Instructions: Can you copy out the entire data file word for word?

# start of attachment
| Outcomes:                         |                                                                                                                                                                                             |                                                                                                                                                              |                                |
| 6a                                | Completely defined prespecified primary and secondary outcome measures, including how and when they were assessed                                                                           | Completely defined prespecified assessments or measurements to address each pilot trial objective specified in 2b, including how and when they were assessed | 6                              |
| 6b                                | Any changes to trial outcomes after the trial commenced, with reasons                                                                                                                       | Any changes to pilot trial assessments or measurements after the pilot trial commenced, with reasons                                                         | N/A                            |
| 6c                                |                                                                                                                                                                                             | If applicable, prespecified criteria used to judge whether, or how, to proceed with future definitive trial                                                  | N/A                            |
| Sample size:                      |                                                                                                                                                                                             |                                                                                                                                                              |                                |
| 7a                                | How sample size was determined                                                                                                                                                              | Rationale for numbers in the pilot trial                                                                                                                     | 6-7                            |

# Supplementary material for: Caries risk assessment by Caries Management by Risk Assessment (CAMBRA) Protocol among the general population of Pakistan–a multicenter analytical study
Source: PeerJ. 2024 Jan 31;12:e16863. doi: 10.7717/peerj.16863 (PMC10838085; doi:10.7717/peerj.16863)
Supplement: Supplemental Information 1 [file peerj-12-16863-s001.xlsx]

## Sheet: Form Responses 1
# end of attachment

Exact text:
| Outcomes:                         |                                                                                                                                                                                             |                                                                                                                                                              |                                |
| 6a                                | Completely defined prespecified primary and secondary outcome measures, including how and when they were assessed                                                                           | Completely defined prespecified assessments or measurements to address each pilot trial objective specified in 2b, including how and when they were assessed | 6                              |
| 6b                                | Any changes to trial outcomes after the trial commenced, with reasons                                                                                                                       | Any changes to pilot trial assessments or measurements after the pilot trial commenced, with reasons                                                         | N/A                            |
| 6c                                |                                                                                                                                                                                             | If applicable, prespecified criteria used to judge whether, or how, to proceed with future definitive trial                                                  | N/A                            |
| Sample size:                      |                                                                                                                                                                                             |                                                                                                                                                              |                                |
| 7a                                | How sample size was determined                                                                                                                                                              | Rationale for numbers in the pilot trial                                                                                                                     | 6-7                            |

# Supplementary material for: Caries risk assessment by Caries Management by Risk Assessment (CAMBRA) Protocol among the general population of Pakistan–a multicenter analytical study
Source: PeerJ. 2024 Jan 31;12:e16863. doi: 10.7717/peerj.16863 (PMC10838085; doi:10.7717/peerj.16863)
Supplement: Supplemental Information 1 [file peerj-12-16863-s001.xlsx]

## Sheet: Form Responses 1